“Given its proven resilience, rented residential is becoming more and more attractive for investment funds all over the world.” Institutional investors are also eager to get involved in the sector, adds Stephan Schanz, Senior Real Estate Analyst at abrdn. “Now, more and more institutional investors are increasing the share of alternative residential asset classes in their portfolios. There is a growing interest in this sector and it will continue to strengthen,” he explains. Large international institutional investors, in particular pension funds, are looking to allocate capital to rented residential. The availability of capital continues to grow, especially in countries with large young populations (USA, Australia, Canada), thanks to the net inflow in pension funds.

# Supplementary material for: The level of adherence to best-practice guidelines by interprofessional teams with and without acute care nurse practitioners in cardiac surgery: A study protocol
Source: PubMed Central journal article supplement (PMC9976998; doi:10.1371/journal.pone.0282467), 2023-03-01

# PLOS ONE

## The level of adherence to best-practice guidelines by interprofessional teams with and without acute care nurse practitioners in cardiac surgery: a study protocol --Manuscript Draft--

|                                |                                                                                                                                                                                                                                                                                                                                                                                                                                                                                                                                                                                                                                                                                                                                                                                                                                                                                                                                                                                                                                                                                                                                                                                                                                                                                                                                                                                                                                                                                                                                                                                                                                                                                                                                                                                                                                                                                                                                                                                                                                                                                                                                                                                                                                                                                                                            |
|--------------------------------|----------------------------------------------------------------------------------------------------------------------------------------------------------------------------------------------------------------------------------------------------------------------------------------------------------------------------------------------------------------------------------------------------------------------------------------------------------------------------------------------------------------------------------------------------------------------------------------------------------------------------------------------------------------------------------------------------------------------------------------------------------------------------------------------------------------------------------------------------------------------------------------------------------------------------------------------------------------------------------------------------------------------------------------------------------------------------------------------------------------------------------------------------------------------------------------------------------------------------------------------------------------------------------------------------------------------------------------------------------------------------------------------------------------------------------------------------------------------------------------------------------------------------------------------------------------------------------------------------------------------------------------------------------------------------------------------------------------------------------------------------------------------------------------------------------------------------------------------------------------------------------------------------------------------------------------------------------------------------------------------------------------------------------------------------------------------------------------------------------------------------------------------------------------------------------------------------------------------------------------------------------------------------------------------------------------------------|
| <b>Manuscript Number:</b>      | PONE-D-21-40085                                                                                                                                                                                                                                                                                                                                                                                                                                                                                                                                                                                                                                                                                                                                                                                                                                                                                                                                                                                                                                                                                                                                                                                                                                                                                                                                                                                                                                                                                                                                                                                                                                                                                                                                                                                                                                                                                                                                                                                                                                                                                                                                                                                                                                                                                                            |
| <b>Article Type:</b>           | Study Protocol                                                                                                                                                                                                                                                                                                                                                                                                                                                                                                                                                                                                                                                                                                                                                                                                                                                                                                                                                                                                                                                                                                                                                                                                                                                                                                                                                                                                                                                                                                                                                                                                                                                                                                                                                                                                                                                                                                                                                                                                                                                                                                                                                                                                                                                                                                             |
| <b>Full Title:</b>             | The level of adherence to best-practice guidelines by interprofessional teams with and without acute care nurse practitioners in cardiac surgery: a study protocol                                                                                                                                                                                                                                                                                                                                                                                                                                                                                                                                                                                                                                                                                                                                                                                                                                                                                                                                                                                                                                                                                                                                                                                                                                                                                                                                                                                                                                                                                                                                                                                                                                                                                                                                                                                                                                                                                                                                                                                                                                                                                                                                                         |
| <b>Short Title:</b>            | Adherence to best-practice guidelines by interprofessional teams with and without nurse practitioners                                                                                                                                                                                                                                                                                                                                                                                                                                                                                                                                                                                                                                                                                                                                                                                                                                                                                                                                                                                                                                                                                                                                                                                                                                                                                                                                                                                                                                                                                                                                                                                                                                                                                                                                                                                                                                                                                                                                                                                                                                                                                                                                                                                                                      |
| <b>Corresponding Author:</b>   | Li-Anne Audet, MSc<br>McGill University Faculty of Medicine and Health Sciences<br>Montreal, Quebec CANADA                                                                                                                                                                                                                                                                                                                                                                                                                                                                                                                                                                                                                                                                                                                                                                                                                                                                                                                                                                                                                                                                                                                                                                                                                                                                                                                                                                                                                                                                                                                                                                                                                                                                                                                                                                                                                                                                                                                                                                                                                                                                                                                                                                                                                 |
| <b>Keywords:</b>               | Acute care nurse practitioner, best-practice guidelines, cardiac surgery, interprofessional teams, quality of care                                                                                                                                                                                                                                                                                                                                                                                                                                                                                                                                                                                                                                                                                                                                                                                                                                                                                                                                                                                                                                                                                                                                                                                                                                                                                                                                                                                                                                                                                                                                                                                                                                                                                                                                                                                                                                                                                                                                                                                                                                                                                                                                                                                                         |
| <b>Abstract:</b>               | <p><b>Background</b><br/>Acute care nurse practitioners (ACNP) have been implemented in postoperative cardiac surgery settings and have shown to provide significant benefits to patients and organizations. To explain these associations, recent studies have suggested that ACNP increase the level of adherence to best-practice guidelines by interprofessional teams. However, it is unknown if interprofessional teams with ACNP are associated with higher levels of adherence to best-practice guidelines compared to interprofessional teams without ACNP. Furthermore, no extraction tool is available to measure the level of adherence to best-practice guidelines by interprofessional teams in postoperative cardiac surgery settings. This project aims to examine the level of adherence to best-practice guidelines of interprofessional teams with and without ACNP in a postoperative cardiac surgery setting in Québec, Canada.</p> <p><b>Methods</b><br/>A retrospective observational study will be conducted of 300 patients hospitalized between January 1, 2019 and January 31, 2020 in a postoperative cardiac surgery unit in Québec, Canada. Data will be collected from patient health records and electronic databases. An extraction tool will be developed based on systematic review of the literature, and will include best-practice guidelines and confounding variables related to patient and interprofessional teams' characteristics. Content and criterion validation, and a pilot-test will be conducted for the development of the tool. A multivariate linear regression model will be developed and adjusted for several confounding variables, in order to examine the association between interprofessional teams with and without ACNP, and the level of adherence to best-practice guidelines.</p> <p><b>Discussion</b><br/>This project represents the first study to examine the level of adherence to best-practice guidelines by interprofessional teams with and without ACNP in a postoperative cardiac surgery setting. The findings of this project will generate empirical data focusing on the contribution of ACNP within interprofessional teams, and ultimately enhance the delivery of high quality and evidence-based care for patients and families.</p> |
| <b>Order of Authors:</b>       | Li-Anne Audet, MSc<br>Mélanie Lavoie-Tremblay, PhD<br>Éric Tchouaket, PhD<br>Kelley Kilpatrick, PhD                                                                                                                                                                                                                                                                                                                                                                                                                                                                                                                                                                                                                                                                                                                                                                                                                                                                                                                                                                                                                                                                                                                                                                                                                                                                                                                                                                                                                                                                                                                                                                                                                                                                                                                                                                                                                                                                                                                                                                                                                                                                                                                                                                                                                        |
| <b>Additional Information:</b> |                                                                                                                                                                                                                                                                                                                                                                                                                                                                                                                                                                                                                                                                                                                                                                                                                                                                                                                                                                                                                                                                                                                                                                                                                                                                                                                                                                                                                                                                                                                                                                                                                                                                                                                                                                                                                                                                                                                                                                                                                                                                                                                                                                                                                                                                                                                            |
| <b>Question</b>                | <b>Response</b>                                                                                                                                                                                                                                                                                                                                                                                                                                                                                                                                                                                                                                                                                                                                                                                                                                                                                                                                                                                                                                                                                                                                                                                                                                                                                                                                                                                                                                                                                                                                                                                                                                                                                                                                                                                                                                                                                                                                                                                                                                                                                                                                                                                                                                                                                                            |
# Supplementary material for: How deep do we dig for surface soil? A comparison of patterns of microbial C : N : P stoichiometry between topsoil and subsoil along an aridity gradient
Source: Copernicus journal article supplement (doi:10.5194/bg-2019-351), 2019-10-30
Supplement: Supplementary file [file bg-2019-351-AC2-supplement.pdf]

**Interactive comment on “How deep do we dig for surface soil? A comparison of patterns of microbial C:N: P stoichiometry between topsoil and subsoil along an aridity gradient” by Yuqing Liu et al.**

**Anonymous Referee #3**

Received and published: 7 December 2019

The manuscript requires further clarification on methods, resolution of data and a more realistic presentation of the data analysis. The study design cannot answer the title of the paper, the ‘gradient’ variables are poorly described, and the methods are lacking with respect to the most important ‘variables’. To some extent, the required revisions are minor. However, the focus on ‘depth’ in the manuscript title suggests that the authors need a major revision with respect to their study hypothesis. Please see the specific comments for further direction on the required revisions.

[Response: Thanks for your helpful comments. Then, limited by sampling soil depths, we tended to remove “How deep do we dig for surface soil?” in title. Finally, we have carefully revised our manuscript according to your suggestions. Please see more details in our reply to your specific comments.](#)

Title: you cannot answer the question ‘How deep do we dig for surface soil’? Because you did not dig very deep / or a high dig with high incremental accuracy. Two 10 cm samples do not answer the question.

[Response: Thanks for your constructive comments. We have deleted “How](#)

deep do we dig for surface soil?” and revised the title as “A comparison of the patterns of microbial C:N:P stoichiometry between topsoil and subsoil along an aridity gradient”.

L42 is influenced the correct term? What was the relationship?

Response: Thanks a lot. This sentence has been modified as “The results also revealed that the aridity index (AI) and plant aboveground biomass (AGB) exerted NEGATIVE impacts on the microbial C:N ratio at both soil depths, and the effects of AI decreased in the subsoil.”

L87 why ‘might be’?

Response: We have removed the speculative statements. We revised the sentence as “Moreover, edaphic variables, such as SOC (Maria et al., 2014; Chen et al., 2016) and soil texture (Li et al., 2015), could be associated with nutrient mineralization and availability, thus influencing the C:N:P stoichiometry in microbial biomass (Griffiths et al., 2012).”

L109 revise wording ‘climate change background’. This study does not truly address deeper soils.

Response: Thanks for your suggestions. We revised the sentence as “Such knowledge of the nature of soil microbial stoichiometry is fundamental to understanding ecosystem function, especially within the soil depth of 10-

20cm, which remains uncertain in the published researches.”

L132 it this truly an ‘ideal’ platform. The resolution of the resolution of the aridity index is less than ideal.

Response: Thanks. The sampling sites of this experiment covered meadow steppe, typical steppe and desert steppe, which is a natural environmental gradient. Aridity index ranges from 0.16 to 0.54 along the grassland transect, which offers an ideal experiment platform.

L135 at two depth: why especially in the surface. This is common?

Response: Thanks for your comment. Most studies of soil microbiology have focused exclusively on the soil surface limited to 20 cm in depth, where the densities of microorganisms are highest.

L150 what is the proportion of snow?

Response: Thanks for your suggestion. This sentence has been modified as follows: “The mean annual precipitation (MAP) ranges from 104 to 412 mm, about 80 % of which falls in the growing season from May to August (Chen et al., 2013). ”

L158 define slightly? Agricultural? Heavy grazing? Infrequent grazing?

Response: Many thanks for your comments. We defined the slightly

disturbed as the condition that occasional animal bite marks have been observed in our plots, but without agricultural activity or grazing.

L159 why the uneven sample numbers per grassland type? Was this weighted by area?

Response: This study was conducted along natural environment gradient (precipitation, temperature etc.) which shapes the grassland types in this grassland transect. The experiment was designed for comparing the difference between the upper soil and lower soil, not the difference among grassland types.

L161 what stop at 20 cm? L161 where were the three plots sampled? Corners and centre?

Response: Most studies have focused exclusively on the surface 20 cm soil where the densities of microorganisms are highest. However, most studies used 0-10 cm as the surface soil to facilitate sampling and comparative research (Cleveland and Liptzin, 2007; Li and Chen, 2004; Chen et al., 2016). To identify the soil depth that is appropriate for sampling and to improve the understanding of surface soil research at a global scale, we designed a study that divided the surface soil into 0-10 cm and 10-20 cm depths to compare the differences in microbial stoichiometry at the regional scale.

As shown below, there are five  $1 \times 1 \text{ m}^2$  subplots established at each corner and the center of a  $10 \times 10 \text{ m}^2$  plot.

Rising rents are not dampening demand
Naturally, and despite its positive outlook, the rented residential sector is not immune to the effects of the current economic situation. However, while operators and developers are facing their fair share of challenges, the sector is still experiencing high demand levels and recording higher prime yields than other traditional real estate asset classes.
Rising inflation and interest rates, skyrocketing energy prices and political instability have put pressure on financing, construction, staffing and utility costs. Construction costs, for example, were up by 20–40% in August 2022 compared to 2021.
Rising costs and increased pressure on margins have dampened some investors’ enthusiasm and led operators to increase rents. However, while rents have been rising by 3–7% in Western Europe and as much as 10–15% in Eastern European countries, the level of demand has not been negatively affected – possibly due to a relative shortage of suitable accommodation solutions on the market.